Cochin Cardiac Club

Health Blog by Dr.Uday Nair


A rare anomaly where the heart is located on the right side of the chest instead of the normal left side of the chest. The condition is generally asymptomatic but is often associated with other abnormalities such as inverted location of other abdominal organs.  It is present at birth (congenital).

There are several types of dextrocardia, also called looping defects. Dextrocardia is frequently diagnosed in a routine prenatal sonogram, although not every radiologist will catch it, particularly if there are no cardiac structural abnormalities.

Mirror image dextrocardia is a very rare condition. It may be present in about one in 100,000 people. In this looping defect, not only does the heart flip the wrong way and develop on the wrong side of the chest, but also all the other organs in the middle of the body are reversed. In essence, an x-ray of mirror image dextrocardia looks like a mirror image of the normal heart and organ placement.
Mirror image dextrocardia was first noted in the 1920s, when x-rays revealed this abnormal placement. Fortunately, this type of looping defect does not involve structural abnormalities of the heart or other organs. In some cases, cilia, tiny hair-like structures, in the nose and lungs move in the opposite direction, causing a greater susceptibility to colds or illness. Aside from this susceptibility, a person with this condition does not require any special treatment or surgeries.
The most common heart defects seen with dextrocardia include:
  • Double outlet right ventricle
  • Endocardial cushion defect
  • Pulmonary stenosis or atresia
  • Single ventricle
  • Transposition of the great vessels
  • Ventricular septal defect

Dextrocardia with abnormal heart is a far more serious condition, which usually requires one or more surgeries to address structural abnormalities. It is a more common condition than mirror image dextrocardia, and in most cases, the position of the other organs in the middle of the body is not reversed. The outcome and survival rates for dextrocardia with abnormal heart depends upon the severity of the defects, which generally include a complicated form of transposition of the arteries, called levo-transposition, or both arteries arising from the right ventricle, called double outlet right ventricle.
Large ventricular septal defects are also common in dextrocardia with abnormal heart. The right and left ventricle may be so similar, unlike in the normal heart, that it is difficult to differentiate which ventricle is right or left. In many cases, the ventricular septal defect is so large that the ventricles are termed a single ventricle. One or both ventricles may be smaller than usual.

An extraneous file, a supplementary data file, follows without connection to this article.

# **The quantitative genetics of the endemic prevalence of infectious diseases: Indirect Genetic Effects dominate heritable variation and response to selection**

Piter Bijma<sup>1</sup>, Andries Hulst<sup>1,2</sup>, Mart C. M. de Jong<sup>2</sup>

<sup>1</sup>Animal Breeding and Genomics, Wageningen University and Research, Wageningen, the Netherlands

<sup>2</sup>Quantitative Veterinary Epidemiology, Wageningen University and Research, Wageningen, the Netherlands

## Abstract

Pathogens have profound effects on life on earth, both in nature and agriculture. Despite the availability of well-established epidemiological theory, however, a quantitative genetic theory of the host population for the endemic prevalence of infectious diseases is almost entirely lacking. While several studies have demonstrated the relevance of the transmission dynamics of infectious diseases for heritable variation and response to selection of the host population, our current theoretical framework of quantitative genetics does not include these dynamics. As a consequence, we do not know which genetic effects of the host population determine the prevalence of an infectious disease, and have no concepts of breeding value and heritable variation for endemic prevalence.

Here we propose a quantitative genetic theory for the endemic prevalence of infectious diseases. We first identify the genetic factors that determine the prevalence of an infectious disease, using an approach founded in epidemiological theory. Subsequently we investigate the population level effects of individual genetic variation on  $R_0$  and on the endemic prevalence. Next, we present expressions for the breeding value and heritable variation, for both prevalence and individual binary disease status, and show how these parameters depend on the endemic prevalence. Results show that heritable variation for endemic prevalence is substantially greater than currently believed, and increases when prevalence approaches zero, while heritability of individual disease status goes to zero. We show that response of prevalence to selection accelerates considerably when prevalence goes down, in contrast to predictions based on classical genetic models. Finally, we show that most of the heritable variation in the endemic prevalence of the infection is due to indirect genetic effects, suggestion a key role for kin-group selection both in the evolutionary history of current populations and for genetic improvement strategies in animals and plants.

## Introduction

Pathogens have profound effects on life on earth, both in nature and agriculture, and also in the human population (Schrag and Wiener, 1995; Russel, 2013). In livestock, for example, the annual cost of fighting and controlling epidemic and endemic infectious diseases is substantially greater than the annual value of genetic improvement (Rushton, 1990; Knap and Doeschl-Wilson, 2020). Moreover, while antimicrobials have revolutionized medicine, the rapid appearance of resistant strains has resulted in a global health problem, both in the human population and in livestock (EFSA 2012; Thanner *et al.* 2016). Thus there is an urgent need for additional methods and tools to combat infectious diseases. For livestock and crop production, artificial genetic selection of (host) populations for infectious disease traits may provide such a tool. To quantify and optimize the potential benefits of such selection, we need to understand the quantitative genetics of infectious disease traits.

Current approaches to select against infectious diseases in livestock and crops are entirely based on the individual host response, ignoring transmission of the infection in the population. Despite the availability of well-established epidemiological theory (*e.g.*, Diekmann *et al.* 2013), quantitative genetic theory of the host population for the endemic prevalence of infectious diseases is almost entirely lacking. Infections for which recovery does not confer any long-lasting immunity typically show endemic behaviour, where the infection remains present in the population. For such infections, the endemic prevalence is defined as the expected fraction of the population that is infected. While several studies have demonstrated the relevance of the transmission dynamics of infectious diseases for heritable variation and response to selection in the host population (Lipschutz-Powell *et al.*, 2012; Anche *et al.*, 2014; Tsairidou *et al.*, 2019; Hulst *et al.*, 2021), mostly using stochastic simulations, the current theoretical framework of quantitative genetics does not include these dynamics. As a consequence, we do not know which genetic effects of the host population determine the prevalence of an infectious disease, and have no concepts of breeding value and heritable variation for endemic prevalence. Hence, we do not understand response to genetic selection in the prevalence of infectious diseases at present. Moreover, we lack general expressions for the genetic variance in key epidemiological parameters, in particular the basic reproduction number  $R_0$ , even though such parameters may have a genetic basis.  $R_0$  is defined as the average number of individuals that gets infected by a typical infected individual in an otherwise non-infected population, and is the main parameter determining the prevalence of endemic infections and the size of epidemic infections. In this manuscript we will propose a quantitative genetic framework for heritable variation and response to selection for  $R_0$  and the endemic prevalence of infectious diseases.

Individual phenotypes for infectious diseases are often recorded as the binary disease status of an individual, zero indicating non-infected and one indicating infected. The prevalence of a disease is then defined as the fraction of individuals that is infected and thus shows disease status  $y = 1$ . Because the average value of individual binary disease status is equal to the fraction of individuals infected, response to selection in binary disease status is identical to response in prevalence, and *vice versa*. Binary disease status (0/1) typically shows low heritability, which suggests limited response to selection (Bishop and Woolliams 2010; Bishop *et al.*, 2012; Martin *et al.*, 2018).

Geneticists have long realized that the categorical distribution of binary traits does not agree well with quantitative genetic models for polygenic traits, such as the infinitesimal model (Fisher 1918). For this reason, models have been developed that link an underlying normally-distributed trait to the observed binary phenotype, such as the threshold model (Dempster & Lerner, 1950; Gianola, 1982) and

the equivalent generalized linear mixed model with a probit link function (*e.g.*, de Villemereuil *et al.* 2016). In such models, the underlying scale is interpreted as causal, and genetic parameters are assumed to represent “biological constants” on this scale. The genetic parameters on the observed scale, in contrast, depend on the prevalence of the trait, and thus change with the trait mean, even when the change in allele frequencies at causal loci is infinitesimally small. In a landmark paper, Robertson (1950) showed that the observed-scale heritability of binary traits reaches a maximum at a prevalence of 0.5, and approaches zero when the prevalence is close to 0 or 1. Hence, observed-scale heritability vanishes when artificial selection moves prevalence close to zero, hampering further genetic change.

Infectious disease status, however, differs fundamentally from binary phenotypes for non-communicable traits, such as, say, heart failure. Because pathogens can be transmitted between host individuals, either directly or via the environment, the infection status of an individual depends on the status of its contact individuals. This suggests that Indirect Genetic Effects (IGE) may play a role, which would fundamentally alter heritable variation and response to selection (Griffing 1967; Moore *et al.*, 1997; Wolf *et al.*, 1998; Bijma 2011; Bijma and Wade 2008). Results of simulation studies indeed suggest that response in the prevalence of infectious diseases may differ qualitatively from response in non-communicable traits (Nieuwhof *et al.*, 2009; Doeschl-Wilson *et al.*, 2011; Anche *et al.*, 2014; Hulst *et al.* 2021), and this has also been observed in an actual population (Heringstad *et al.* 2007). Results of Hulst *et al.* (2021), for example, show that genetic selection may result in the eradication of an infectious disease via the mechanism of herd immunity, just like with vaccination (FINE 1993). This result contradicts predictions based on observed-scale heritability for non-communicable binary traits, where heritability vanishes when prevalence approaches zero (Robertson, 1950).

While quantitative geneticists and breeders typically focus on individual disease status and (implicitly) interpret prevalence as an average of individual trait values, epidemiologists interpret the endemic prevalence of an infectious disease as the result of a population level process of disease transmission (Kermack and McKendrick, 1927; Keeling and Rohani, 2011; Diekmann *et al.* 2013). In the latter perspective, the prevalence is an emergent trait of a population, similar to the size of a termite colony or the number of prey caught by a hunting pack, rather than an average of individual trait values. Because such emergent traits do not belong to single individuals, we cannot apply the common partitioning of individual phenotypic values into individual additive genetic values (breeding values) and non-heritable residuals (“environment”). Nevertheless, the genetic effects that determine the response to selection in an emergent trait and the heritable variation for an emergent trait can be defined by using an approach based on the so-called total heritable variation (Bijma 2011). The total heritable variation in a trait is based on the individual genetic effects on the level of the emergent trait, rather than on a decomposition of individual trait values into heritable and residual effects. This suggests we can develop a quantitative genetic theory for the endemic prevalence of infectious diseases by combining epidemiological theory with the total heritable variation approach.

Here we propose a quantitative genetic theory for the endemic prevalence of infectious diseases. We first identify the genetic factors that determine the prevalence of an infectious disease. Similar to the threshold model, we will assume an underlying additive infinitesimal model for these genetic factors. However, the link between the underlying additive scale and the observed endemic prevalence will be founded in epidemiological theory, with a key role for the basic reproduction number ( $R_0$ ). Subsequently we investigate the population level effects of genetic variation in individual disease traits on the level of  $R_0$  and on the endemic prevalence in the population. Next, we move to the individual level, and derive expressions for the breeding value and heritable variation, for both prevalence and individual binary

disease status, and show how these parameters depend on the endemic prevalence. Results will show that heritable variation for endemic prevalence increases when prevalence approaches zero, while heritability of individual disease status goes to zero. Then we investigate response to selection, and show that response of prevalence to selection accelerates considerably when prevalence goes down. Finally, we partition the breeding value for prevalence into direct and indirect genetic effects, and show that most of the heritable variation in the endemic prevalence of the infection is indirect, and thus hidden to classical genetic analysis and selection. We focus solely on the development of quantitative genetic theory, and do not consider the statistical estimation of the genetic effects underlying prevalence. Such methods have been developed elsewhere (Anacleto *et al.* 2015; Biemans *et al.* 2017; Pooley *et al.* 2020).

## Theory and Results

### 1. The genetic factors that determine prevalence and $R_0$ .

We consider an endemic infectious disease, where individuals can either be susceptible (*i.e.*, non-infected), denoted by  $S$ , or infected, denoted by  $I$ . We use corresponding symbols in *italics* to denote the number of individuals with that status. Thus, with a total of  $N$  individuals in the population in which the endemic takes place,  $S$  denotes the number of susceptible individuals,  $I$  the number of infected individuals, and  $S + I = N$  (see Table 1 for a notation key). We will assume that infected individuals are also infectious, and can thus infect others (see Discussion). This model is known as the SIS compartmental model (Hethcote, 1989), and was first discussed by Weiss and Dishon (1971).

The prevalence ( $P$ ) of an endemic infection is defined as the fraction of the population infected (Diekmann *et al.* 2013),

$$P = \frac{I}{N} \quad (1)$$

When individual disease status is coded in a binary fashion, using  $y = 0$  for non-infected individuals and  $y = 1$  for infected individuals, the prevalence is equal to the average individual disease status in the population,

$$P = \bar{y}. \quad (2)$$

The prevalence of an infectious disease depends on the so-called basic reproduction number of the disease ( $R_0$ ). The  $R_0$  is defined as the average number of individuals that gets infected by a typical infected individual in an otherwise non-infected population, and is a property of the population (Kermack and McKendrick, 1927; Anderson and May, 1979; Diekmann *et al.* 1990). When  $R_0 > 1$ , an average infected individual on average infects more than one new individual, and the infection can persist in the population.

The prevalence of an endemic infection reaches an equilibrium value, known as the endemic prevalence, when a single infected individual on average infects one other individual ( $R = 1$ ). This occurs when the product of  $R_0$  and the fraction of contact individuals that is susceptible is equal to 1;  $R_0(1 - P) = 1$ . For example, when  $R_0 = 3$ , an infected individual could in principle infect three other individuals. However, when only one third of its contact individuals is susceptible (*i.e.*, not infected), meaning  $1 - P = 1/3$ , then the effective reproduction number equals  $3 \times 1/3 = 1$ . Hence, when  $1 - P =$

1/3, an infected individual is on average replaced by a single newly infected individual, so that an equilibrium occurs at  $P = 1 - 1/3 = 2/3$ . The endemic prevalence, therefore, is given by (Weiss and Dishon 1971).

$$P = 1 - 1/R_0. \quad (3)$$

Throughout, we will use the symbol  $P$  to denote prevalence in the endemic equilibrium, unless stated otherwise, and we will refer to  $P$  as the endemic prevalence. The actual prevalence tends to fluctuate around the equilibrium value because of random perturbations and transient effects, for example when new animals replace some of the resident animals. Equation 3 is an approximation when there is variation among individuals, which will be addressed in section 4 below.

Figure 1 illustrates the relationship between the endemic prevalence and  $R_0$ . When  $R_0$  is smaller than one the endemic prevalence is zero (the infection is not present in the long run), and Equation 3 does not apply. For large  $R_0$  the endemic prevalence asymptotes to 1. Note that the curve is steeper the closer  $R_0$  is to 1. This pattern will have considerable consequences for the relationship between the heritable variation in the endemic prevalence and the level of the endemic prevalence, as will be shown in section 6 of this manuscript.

Dextrocardia may also be present in a condition called heterotaxy, which involves not only abnormal heart placement and structural abnormalities, but also the absence of a spleen, or the presence of a number of small spleens. Treatment depends upon the degree and severity of these structural anomalies. Lack of a spleen, asplenia, can complicate any operations because natural resistance to infection is significantly reduced. 

Causes of Dextrocardia:

- Marden-Walker Syndrome: A rare genetic disorder characterized by blepharophimosis, joint contractures and fixed facial expression.
- Kartagener syndrome: A rare genetic disorder characterized by enlarged bronchial tubes, sinusitis and cross-positioning of body organs.
-Campomelia Cumming type: A rare syndrome characterized by limb and multiple abdominal organ abnormalities. The disorder results in death before birth or soon after.

There are no symptoms of dextrocardia if the heart is normal.
Conditions that may include dextrocardia may cause the following symptoms:
  • Bluish skin
  • Difficulty breathing
  • Failure to grow and gain weight
  • Fatigue
  • Jaundice (yellow skin and eyes)
  • Pale skin (pallor)
  • Repeated sinus or lung infections

    Signs and tests

    There are no signs of dextrocardia if the heart is normal.
    Conditions that can include dextrocardia may cause the following signs:
    • Abnormal arrangement and structure of the organs in the abdomen
    • Enlarged heart
    • Problems with the structure of the chest and lungs, seen on x-rays
    • Rapid breathing or problems breathing
    • Rapid pulse
    Tests to diagnose dextrocardia include:
    • Computed tomography (CT) scans
    • Magnetic resonance imaging (MRI) of the heart
    • Ultrasound of the heart (echocardiogram)
    • X-rays

      Common ECG findings:

      not all of these are always present
      - Global negativity in lead I, (a negative p wave, QRS, and negative T wave).
      - Positively deflected QRS in aVR
      - Negative p wave in lead II
      - Reverse R wave progression in precordial leads


      Treatment for this condition depends on the extent of physical problems caused by this incorrect placement of the heart. Some individuals may not require treatment.

      Mirror Image Dextrocardia

      • No treatment is required for complete mirror image dextrocardia if other deformities are not detected

      1. Other Abnormalities

        • An infant may require surgery if the heart is not able to function properly, or if other conditions also exist. It is not uncommon for individuals exhibiting this condition to have additional physical abnormalities.

        Surgical Procedures

        • Surgical procedures can range from minor to very involved, depending on the individual situation. Surgery may also be necessary to correct other congenital organ problems within the abdominal cavity in some cases of dextrocardia.


        • Diuretics and blood pressure medication may be prescribed to lessen stress on the heart. Medication may also be prescribed before surgery to strengthen the general health of the infant with dextrocardia.

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